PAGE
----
Anyone who knows me at all knows that I live by this mantra: “You always have a choice.”
When I think about the daily interactions I have with people, the stories and circumstances change, but the truth of that one statement – and its implications – does not. If you do not accept that you always have a choice, you become a complainer. A cynic. A victim of circumstance.
In my newly released book, “The Best Advice So Far,” the overriding theme is choice. One chapter is devoted to this idea:
No one can make you happy. If you expect them to, you will always be unhappy.
This is followed by a chapter on a similar idea:
Life is not fair. If you expect it to be, you will always be unhappy.
At first consideration, some may see these as negative statements, akin to “Don’t trust anyone” or “Just accept your knocks in life and trudge forward.” But this couldn’t be further from the truth! These bits of insight, if seen through a lens of choice, are actually some of the most freeing concepts I’ve encountered.
Just today, a friend of mine texted me: “My mother makes me feel like a loser.”
If my friend lives by the belief that he has no choice in life, he instantly becomes the victim here. His mother is the enemy and he is the betrodden. There is nothing he can do but to sit there, feeling like a loser – and consequently living like a loser – all the while blaming his mother for the crime of it.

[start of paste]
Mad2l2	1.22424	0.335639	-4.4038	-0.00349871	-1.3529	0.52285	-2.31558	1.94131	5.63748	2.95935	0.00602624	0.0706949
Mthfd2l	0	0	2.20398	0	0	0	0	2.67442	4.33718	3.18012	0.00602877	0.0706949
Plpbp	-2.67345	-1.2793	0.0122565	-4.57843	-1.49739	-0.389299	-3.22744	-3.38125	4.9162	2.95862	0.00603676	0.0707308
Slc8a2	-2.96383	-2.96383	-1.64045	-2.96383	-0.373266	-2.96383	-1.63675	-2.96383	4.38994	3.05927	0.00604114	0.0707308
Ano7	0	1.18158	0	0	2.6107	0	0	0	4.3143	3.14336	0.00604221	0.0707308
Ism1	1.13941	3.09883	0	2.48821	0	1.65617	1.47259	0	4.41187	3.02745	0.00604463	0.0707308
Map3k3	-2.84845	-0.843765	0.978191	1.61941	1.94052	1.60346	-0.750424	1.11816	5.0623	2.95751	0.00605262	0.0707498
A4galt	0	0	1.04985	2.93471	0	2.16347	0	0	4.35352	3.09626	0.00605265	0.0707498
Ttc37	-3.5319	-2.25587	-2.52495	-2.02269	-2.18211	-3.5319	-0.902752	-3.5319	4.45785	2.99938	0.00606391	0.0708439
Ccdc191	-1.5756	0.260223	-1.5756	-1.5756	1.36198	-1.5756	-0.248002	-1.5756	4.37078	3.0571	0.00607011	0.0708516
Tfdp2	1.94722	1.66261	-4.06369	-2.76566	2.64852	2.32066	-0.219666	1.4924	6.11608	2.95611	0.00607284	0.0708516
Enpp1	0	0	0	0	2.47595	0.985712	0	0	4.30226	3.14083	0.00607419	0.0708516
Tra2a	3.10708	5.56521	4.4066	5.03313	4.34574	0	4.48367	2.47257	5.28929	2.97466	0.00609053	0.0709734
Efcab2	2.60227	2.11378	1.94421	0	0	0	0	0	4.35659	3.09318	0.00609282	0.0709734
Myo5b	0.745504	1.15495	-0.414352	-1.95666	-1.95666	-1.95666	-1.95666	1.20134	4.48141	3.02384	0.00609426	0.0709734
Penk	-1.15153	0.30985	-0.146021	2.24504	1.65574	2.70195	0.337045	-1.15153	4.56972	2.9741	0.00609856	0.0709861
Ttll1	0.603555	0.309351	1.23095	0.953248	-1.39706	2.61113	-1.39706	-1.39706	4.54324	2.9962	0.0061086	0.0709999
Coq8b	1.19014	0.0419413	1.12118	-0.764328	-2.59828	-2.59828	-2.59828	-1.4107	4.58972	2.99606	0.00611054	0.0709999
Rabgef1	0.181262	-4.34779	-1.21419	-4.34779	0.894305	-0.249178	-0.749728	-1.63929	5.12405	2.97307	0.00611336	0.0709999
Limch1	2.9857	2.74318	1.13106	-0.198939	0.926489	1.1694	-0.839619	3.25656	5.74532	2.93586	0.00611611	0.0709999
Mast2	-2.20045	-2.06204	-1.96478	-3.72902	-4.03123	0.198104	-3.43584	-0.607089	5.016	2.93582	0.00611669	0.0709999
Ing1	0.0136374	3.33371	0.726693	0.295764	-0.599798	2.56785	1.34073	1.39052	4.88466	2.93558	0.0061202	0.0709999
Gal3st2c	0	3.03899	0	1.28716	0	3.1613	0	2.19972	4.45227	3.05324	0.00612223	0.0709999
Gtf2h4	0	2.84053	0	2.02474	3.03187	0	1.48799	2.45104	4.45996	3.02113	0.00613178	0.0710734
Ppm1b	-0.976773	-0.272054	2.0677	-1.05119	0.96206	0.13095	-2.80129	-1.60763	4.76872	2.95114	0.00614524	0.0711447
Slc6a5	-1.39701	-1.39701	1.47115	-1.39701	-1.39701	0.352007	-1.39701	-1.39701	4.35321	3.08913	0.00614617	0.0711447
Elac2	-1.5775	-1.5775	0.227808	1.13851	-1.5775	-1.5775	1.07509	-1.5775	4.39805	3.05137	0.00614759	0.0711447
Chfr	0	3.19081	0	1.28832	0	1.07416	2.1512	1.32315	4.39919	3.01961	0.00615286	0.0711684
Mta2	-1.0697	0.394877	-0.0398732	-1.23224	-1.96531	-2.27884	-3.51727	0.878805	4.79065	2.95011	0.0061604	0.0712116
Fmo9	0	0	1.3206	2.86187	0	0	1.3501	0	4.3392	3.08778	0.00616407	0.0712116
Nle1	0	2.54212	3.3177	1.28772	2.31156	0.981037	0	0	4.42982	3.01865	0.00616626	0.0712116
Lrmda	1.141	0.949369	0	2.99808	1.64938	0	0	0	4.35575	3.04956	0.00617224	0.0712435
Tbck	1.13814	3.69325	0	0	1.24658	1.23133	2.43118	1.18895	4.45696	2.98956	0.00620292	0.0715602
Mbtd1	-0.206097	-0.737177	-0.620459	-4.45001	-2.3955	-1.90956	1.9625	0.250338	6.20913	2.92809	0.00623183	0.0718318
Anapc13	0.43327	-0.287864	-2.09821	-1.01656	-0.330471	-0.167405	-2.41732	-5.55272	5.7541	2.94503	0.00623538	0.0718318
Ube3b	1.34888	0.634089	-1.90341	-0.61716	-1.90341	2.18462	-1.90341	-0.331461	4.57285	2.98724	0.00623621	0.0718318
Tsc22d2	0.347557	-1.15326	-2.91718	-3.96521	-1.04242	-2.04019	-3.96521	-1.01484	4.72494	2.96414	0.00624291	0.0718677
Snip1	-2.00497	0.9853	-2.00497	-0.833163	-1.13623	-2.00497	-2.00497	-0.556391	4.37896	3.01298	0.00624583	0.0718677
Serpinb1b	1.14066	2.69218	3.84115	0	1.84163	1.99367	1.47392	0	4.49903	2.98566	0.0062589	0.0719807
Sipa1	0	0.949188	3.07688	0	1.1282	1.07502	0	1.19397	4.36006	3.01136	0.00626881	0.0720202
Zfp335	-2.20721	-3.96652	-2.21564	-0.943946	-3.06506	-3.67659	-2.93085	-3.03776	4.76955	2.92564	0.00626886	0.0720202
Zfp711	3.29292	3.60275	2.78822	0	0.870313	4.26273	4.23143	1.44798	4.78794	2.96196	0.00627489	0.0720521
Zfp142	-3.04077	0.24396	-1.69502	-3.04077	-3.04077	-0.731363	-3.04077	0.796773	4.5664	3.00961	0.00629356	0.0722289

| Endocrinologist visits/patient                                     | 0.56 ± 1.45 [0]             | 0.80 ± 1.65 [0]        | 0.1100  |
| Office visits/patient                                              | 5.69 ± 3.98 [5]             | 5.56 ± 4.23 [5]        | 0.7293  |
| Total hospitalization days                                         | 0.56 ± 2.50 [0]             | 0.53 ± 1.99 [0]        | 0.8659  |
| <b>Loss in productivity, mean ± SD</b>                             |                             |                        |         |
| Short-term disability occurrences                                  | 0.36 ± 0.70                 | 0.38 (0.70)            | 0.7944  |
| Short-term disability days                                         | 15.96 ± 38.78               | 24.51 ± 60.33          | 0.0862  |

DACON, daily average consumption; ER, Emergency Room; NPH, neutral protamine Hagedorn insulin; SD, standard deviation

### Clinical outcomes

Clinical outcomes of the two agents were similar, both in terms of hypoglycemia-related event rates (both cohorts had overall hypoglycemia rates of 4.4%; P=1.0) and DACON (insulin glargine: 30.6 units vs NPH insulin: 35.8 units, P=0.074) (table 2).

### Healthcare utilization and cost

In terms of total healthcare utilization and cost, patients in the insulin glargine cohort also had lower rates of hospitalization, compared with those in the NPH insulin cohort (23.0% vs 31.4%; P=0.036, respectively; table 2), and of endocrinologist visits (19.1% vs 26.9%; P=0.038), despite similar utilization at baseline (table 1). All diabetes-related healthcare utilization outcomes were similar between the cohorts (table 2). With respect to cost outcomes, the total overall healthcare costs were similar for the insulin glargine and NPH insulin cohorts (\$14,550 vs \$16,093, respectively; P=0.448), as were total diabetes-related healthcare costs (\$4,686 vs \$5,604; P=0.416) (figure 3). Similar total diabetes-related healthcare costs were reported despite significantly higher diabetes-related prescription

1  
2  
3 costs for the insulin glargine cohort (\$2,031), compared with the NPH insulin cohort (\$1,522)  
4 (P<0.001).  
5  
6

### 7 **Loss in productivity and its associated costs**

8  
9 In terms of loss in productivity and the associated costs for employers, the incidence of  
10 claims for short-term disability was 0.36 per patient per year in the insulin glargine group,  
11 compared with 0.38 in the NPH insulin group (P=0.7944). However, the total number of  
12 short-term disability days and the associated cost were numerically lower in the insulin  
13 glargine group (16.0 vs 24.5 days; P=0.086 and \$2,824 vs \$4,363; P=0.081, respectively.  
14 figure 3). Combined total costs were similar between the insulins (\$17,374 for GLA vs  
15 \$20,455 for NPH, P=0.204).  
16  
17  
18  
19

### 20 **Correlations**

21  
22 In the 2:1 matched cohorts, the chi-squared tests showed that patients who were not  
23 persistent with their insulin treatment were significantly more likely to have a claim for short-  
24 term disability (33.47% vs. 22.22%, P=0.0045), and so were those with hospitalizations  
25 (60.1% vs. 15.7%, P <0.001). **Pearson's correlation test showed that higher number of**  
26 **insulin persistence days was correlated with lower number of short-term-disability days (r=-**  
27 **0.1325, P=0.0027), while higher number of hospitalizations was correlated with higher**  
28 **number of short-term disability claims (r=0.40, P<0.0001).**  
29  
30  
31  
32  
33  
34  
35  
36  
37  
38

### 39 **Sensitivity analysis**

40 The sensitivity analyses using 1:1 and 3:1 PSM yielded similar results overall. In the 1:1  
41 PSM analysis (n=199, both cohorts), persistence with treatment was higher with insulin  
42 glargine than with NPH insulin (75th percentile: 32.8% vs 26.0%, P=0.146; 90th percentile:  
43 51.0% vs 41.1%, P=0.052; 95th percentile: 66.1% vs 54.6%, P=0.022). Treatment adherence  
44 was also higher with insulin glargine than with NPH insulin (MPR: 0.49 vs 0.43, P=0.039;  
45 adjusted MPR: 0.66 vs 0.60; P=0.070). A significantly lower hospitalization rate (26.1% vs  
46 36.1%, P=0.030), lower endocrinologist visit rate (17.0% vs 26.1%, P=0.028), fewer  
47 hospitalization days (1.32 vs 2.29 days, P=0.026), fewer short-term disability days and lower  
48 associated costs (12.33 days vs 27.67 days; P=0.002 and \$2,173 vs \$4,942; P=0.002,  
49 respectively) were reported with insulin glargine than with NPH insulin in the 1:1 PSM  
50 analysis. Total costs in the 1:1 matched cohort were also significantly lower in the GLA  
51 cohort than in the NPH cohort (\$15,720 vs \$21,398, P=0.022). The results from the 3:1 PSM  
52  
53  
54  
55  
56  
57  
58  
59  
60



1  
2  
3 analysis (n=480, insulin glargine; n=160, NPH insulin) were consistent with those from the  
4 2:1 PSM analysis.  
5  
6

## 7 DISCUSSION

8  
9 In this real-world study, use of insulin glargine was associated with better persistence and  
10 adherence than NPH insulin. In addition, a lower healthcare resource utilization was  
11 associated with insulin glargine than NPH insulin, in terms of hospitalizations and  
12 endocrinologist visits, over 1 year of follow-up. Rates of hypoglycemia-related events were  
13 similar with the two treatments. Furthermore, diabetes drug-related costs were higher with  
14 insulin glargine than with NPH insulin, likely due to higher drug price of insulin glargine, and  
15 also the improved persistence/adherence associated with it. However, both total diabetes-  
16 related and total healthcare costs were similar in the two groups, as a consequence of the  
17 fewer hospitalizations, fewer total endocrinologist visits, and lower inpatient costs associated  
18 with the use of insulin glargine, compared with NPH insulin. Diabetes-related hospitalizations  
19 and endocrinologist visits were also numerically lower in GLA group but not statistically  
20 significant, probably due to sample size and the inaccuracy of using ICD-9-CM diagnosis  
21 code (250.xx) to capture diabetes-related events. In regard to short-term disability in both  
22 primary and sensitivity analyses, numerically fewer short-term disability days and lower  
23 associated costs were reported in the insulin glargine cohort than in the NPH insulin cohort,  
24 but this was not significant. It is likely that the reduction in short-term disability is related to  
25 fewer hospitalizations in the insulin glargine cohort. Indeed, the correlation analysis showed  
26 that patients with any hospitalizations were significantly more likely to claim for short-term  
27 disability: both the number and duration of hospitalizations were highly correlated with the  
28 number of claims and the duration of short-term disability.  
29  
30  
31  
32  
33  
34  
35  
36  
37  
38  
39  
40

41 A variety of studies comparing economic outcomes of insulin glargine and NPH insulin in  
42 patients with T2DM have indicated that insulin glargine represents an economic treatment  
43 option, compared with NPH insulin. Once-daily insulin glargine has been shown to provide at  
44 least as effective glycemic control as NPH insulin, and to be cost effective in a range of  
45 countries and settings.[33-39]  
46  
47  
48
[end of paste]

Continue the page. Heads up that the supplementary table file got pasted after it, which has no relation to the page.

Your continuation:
The truth is, just as no one can make you happy, no one can make you mad. No can make you jealous. And no one can make you feel like a loser. We may choose to live like a loser because someone said so; but make no mistake, it is a choice. Or perhaps we already felt like a loser but are choosing not to take responsibility and commit to a positive course of action to change things. In this case, it is easy to take our own silent feelings and blame them on the person who simply voiced what we were already thinking.
When we truly accept that other people, or some general force called “life,” are not controlling us, we begin to make choices that lead to joy and freedom, rather than to bitterness and immobilization.
Think of it this way. If my friend’s mother had said to me whatever it was she said to him, would I automatically be condemned to feeling like a loser? When we say that someone made us feel a certain way, we place the power in their words. But if the power were truly in the words themselves or within the person who spoke them, they should have the same ill effect on everyone, should they not?
I repeat: You always have a choice.
My friend can choose to let his mother know how her words are coming across. (Believe it or not, people don’t always realize it.)
Through choosing to do some honest self-evaluation, he may find that something his mother touched upon rang true about him, and he may then choose to take steps to change it.
He can choose to hear her words and yet disagree with them, assuring himself that he is on track with positive goals in his life and that his mother is simply not seeing the whole picture.
Or he can choose to live out the part of the victim. The loser.
We certainly don’t choose everything that happens to us in our lives. But we do always have a choice of what how we respond – the choice of what we will do next.
So – what will you choose to do next?